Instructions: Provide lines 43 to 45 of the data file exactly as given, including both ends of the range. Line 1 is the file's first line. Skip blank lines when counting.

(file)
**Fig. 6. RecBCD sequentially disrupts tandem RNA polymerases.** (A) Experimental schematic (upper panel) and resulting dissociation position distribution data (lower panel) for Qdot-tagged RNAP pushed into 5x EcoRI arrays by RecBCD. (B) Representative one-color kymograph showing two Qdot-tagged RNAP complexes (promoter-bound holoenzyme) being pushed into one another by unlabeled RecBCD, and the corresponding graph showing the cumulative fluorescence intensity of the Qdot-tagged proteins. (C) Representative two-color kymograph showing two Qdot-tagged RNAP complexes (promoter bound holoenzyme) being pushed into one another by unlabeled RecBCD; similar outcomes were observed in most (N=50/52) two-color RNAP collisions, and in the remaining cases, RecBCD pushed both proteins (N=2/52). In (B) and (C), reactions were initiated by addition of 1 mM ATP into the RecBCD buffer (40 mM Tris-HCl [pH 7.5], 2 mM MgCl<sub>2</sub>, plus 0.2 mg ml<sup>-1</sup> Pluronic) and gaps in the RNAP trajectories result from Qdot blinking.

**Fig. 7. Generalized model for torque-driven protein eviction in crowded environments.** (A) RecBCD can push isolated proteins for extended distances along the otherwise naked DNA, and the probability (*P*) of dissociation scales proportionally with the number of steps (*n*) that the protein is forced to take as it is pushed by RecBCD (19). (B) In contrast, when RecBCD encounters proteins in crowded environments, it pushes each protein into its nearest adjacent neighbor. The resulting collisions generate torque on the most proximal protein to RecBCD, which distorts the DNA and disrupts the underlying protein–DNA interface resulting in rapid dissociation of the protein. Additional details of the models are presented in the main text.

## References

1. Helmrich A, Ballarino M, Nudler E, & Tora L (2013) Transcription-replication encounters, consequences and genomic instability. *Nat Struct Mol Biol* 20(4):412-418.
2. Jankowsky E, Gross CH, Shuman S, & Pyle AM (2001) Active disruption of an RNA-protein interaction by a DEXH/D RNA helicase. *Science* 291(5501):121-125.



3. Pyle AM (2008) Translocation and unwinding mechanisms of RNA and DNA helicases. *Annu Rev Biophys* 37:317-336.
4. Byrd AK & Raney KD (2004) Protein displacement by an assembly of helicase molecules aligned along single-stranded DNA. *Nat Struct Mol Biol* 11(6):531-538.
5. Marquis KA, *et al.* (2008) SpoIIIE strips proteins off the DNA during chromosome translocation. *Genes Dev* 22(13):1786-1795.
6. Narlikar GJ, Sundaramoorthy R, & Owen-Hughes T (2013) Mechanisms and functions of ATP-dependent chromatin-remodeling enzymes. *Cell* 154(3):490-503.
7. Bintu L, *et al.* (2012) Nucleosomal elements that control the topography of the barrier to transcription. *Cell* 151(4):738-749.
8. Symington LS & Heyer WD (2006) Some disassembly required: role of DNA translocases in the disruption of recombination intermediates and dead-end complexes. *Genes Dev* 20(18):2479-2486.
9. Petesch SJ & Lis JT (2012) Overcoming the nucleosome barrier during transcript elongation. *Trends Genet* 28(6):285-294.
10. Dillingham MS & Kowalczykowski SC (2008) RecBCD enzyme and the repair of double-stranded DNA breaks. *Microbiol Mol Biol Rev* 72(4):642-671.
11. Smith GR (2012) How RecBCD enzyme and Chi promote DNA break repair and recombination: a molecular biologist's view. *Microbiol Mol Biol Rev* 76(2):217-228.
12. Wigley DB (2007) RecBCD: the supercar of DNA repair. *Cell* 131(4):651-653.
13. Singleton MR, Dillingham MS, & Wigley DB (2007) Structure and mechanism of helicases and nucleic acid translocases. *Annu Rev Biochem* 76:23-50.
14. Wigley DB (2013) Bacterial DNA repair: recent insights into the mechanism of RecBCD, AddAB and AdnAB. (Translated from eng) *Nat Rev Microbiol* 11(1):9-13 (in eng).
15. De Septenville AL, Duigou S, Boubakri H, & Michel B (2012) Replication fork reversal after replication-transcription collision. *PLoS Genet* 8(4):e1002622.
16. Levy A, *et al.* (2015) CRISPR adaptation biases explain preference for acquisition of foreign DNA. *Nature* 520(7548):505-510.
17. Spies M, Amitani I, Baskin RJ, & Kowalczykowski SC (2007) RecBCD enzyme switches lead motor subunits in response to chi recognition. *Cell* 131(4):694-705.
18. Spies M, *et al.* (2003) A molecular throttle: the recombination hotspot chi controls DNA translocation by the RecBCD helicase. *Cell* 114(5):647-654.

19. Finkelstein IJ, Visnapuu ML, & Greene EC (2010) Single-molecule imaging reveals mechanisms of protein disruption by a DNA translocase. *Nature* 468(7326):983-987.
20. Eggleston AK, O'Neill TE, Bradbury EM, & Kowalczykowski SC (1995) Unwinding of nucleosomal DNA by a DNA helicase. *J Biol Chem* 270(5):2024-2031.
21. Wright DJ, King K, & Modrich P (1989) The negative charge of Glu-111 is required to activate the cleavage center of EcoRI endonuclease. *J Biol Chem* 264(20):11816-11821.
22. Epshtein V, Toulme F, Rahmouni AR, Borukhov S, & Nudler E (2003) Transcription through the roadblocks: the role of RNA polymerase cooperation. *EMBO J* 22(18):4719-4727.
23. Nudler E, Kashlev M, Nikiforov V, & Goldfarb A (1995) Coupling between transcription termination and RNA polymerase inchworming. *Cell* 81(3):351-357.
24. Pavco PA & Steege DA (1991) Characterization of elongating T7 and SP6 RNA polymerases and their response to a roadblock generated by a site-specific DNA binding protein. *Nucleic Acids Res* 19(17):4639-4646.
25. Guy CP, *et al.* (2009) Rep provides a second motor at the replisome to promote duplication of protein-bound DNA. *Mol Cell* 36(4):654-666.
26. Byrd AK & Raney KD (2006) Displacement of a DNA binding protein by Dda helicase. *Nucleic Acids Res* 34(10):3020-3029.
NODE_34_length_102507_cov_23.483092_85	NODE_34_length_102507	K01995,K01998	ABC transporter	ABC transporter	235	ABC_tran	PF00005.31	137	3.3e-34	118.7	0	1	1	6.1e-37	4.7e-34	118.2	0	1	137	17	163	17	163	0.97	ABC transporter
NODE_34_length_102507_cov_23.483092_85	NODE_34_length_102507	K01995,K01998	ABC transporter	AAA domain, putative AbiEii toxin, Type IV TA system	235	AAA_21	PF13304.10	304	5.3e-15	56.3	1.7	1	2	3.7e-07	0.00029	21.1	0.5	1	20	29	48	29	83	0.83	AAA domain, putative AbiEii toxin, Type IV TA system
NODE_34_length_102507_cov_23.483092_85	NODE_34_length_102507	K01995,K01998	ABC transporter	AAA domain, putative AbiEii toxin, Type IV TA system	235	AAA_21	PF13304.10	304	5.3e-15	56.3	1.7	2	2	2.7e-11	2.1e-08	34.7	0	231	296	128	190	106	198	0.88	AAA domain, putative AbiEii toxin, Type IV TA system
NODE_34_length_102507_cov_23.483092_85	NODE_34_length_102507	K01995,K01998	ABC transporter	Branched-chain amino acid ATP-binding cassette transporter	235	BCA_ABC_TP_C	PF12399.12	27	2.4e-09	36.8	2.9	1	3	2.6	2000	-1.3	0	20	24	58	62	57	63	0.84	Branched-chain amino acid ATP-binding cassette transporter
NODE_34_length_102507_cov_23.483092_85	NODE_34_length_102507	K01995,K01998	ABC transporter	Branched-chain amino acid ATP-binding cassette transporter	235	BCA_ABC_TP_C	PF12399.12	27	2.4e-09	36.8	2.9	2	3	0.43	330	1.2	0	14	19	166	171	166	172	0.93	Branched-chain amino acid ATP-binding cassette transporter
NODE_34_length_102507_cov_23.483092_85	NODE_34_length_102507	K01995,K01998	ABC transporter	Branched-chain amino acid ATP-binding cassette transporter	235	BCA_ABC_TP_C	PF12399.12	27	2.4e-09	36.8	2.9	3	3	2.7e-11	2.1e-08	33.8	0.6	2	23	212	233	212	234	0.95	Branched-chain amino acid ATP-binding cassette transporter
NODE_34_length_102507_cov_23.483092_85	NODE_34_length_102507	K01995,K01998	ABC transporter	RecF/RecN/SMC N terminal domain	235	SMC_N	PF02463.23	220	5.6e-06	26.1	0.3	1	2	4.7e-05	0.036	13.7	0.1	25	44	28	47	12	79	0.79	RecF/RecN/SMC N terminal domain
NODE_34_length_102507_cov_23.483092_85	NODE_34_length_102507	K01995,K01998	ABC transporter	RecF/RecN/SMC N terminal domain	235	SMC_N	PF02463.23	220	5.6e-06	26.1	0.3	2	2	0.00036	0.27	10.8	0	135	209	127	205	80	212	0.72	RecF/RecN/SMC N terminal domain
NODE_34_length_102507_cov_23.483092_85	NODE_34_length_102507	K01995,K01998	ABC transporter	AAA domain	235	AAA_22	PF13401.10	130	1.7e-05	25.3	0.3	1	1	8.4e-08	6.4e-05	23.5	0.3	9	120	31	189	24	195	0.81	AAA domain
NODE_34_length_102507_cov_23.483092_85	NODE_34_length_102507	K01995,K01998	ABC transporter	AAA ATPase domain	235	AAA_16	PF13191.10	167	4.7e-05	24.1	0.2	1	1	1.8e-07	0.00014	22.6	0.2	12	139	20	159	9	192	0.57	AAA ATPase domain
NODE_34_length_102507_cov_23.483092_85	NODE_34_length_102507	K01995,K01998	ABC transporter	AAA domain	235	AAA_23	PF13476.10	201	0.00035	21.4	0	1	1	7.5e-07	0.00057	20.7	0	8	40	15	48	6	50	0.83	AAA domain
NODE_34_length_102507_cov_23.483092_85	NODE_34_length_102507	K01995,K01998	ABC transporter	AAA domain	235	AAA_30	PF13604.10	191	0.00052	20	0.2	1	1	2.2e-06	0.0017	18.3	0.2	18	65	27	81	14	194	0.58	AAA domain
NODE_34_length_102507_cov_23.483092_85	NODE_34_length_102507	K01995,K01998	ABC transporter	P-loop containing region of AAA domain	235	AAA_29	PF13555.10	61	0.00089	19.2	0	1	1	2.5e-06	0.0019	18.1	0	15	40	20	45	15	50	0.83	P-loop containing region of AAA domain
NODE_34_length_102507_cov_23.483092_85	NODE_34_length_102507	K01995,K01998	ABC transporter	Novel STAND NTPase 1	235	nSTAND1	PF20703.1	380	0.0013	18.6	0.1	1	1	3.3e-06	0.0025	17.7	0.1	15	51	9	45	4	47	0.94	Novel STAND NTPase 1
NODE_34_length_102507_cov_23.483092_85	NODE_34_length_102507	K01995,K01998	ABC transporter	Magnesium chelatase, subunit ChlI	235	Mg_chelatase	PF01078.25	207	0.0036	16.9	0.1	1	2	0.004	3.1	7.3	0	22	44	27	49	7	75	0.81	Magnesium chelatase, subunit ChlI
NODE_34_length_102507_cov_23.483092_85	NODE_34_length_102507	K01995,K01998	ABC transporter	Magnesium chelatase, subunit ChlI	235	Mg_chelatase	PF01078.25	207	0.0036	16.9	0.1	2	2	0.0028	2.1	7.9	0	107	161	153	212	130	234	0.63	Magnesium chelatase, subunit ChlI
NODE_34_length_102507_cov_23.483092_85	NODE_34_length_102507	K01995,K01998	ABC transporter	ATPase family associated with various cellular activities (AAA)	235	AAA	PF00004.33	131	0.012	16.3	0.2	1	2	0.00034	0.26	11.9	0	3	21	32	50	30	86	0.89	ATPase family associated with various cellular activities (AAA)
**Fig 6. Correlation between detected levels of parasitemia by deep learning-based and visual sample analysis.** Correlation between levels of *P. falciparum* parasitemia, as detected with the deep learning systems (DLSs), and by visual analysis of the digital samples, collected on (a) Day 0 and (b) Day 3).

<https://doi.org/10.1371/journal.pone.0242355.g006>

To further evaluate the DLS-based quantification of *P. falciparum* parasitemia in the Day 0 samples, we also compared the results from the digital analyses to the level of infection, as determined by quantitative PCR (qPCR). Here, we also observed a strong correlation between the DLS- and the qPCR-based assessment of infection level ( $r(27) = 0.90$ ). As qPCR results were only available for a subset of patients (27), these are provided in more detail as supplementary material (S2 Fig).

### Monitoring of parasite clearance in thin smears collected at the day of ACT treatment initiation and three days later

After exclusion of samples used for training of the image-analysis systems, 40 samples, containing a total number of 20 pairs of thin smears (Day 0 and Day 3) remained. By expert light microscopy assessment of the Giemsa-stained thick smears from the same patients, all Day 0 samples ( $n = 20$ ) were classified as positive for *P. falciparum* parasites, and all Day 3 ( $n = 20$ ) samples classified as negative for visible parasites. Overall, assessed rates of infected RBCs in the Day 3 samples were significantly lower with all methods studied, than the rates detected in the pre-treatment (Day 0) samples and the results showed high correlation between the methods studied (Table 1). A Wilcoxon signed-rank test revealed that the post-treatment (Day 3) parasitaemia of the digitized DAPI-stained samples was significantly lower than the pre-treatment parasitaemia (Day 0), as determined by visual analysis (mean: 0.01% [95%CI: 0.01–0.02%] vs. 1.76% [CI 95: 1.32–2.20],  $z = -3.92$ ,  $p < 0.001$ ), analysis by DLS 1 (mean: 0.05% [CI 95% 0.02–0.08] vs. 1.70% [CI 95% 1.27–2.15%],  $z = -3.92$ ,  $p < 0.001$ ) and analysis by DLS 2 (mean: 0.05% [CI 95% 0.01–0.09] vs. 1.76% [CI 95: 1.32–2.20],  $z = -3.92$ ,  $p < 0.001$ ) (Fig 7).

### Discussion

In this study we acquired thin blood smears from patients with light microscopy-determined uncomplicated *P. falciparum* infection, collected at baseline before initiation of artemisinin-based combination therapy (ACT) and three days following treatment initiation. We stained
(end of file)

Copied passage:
NODE_34_length_102507_cov_23.483092_85	NODE_34_length_102507	K01995,K01998	ABC transporter	Novel STAND NTPase 1	235	nSTAND1	PF20703.1	380	0.0013	18.6	0.1	1	1	3.3e-06	0.0025	17.7	0.1	15	51	9	45	4	47	0.94	Novel STAND NTPase 1
NODE_34_length_102507_cov_23.483092_85	NODE_34_length_102507	K01995,K01998	ABC transporter	Magnesium chelatase, subunit ChlI	235	Mg_chelatase	PF01078.25	207	0.0036	16.9	0.1	1	2	0.004	3.1	7.3	0	22	44	27	49	7	75	0.81	Magnesium chelatase, subunit ChlI
NODE_34_length_102507_cov_23.483092_85	NODE_34_length_102507	K01995,K01998	ABC transporter	Magnesium chelatase, subunit ChlI	235	Mg_chelatase	PF01078.25	207	0.0036	16.9	0.1	2	2	0.0028	2.1	7.9	0	107	161	153	212	130	234	0.63	Magnesium chelatase, subunit ChlI